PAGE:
CHICAGO — Republican presidential contender Marco Rubio called for lower corporate tax rates, looser Internet regulation and broader college accreditation on Tuesday, in an economic policy speech that denounced the old ways of both political parties yet drew from the longstanding GOP belief that tax cuts are the key to growth.
Rubio jabbed at fellow Republicans, primarily for letting government grow so much in the 2000s, and Democrats, for policies that he said stifle job growth and "snuff out innovation" — namely, their push for a higher minimum wage and for tax increases on the wealthy.
"We need in this country a new president for a new age," the Florida senator declared from the downtown Chicago offices of a digital startup. The nation would be better served, Rubio said, by embracing the "technological revolution."
The forward-looking theme of Rubio's address mirrors his campaign, which aims to distinguish him from leading competitors in both parties — Republican Jeb Bush and Democrat Hillary Rodham Clinton — whose families have been mainstays in American politics for decades.
He repeatedly criticized Clinton, the leading candidate for the Democratic nomination, by name.
"The race for the future will never be won by going backward," Rubio said. "It will never be won by hopping in Hillary Clinton's time machine to yesterday."
And while not naming Bush, a former Florida governor, Rubio lashed out at the policies enacted when Bush's father and brother served in the White House.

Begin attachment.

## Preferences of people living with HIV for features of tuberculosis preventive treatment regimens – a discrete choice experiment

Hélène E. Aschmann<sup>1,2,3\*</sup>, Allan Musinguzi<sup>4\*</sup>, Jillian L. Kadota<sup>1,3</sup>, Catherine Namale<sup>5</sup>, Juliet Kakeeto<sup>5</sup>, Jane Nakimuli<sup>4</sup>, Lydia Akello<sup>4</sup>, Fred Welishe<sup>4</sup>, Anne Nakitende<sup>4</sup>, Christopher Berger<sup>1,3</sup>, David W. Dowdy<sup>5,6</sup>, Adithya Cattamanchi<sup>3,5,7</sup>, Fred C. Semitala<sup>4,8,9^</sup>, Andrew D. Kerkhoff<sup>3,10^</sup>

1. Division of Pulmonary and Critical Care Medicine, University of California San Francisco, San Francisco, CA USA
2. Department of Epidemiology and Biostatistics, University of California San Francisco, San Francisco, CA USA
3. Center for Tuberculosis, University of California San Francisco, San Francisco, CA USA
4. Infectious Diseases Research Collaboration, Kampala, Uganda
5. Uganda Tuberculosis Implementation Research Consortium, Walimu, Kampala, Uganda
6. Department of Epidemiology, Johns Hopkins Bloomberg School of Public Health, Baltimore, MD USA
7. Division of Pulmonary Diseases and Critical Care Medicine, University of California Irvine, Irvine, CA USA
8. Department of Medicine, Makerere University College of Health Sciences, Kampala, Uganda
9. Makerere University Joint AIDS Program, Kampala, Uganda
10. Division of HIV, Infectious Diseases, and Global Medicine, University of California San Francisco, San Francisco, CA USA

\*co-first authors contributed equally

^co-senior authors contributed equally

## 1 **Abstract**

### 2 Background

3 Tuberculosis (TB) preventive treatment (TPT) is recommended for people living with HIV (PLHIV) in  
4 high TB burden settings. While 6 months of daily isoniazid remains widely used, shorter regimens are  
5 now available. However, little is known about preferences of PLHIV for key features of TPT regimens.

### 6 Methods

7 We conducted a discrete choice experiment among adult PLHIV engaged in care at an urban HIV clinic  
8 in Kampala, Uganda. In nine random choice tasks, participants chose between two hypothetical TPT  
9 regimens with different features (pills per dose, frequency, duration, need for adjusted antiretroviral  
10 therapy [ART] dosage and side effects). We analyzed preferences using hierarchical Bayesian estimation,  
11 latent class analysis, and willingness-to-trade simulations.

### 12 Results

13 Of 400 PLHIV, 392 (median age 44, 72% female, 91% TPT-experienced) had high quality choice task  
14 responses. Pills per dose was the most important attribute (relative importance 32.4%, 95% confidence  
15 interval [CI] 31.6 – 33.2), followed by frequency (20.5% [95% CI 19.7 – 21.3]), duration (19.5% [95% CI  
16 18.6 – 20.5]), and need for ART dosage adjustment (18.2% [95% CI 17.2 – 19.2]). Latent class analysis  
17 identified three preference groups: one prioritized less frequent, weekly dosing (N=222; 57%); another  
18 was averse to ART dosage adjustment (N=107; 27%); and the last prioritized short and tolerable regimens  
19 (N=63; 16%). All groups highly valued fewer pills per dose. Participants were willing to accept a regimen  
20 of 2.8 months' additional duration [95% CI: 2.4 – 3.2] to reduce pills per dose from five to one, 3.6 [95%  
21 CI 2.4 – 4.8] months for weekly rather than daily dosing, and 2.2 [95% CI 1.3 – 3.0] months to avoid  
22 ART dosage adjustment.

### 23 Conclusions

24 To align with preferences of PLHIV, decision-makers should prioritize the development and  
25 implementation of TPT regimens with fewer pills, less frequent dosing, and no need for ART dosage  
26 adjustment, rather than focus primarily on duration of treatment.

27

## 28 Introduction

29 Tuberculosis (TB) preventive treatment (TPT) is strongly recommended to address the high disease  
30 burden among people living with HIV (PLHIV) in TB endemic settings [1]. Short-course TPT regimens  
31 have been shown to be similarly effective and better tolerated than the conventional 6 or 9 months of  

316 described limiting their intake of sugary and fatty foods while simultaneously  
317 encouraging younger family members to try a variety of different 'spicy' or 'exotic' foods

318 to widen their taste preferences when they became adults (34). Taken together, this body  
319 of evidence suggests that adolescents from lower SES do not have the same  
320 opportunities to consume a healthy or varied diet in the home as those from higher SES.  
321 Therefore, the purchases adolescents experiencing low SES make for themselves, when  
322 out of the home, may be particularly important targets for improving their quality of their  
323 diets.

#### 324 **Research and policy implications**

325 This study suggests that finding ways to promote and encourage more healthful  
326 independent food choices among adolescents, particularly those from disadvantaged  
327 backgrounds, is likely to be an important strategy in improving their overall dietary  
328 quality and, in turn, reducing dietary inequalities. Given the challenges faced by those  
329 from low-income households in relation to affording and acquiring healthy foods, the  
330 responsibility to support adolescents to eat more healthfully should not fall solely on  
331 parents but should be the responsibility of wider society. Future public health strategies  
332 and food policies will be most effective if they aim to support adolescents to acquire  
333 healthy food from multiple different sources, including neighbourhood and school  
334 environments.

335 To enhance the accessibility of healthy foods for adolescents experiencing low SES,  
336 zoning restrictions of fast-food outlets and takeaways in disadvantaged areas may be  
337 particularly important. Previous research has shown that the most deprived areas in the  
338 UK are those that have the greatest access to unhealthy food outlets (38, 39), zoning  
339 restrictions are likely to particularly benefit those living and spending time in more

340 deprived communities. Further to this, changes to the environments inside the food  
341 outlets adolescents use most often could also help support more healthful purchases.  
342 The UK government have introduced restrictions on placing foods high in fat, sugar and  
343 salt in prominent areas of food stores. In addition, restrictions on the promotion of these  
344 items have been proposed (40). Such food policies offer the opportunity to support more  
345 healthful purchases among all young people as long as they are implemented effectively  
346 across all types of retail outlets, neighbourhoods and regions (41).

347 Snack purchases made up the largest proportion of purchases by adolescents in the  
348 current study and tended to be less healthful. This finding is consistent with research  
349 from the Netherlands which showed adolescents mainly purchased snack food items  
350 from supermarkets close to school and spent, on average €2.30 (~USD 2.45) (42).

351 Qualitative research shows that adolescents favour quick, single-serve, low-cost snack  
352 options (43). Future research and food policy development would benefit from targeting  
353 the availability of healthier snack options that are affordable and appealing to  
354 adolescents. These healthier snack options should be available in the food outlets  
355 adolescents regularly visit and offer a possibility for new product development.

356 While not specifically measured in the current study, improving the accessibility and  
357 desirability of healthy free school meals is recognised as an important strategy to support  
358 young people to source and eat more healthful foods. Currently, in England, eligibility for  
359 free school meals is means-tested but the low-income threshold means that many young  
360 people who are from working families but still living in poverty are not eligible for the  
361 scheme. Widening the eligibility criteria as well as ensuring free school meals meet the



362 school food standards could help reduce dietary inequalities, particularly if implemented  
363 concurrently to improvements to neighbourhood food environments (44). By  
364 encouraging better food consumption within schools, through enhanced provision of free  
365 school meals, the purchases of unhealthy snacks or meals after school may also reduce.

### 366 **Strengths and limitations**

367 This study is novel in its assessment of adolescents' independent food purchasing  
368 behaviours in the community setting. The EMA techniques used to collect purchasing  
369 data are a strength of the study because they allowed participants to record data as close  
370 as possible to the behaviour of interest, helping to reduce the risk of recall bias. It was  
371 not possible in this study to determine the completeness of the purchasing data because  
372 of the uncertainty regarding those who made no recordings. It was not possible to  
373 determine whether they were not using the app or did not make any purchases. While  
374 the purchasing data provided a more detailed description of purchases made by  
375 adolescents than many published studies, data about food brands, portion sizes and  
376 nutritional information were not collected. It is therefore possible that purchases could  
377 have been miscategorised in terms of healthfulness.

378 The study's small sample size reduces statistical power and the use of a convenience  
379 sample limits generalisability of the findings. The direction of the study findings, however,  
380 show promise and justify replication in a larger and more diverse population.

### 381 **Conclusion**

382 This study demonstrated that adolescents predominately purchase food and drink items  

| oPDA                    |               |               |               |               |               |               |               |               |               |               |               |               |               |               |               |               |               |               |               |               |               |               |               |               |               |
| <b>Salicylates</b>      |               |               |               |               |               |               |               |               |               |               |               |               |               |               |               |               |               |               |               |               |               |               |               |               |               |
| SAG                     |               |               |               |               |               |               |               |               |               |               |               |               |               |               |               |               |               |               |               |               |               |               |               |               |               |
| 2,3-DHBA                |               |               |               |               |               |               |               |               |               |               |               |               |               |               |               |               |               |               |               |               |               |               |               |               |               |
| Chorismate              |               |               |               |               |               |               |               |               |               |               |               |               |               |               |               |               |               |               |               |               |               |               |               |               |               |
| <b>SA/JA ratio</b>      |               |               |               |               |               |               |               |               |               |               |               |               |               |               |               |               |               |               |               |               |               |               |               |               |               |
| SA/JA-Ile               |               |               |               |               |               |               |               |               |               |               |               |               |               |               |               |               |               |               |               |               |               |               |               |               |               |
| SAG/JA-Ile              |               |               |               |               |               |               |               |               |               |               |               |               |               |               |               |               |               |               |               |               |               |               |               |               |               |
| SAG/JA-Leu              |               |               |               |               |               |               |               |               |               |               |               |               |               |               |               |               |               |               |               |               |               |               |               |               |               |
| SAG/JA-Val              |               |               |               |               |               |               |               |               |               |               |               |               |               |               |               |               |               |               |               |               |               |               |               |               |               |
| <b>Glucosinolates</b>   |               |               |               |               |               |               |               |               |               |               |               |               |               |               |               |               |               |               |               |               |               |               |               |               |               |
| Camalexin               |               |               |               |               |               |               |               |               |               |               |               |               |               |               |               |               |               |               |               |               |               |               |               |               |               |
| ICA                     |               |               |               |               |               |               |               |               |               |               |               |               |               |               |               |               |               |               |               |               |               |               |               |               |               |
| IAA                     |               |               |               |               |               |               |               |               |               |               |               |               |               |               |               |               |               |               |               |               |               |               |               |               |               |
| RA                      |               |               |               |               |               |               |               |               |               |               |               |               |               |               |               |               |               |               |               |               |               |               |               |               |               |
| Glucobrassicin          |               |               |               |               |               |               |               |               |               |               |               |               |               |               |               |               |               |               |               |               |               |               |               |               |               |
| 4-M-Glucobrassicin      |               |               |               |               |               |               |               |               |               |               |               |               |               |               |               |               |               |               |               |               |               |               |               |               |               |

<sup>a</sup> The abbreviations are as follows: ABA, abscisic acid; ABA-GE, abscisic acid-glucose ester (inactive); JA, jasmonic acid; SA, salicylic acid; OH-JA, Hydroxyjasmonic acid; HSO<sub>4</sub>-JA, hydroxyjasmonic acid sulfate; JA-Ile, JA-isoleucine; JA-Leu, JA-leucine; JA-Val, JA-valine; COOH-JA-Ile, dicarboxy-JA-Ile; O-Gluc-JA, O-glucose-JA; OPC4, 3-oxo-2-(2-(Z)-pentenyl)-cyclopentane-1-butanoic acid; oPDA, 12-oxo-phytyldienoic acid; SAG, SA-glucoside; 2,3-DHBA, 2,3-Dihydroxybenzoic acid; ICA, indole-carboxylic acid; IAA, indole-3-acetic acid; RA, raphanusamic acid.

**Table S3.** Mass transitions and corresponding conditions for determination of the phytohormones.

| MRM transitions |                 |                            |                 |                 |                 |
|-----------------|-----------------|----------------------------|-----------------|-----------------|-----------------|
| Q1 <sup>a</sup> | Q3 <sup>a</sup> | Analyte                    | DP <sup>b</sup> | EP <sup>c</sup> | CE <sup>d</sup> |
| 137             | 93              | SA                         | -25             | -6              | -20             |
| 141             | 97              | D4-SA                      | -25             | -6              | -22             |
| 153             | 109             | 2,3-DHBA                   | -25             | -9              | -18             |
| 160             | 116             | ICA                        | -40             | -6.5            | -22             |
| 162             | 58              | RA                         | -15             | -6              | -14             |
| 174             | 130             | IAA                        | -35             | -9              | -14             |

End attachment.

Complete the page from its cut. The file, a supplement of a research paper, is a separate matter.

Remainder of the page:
"We have learned, painfully, that the old ways no longer work — that Washington cannot pretend the world is the same as it was in the 1980s, it cannot raise taxes like it did in the '90s and it cannot grow government like it did in the 2000s," he said.
While his campaign billed the Chicago speech as a major address, most of the "innovation agenda" he outlined represents policies he has proposed previously.
Rubio called for changes to the tax code that would lower the corporate tax rate, establish a "territorial tax system" and allow "immediate, 100-percent expensing," which would permit businesses to take deductions on capital investments all at once.
He previously released a detailed tax plan that would reduce all corporate taxes to 25 percent and cut taxes on business investment.
Rubio also promoted a plan to modernize the national laboratory system in line with a proposal he introduced with Sen. Chris Coons, D-Del., earlier in the year. He reiterated his opposition to so-called net neutrality, which would prevent Internet service providers from setting different download speeds for different types of content.
And as he often does, Rubio said an immigration overhaul is necessary "to protect American workers and attract more talent to grow our economy and create jobs."
On higher education, Rubio vowed to "bust the cartel" of existing colleges and universities by creating a new accreditation process. His campaign said Rubio would allow lower-cost alternative education providers, such as the online Khan Academy, to earn accreditation.
Democratic National Committee spokesman Holly Shulman said Rubio "continues to peddle the same failed Republican policies that cripple the economy and squeeze the middle class."
Rubio, 44, is among more than a dozen candidates seeking the 2016 Republican presidential nomination. He is also one of the youngest candidates in the race, a distinction that offers political challenges and opportunities.
His appearance in Chicago came hours before he launches his first extended campaign swing through an early voting state. He was scheduled to campaign in Iowa, the first-in-the-nation caucus state, through Thursday.
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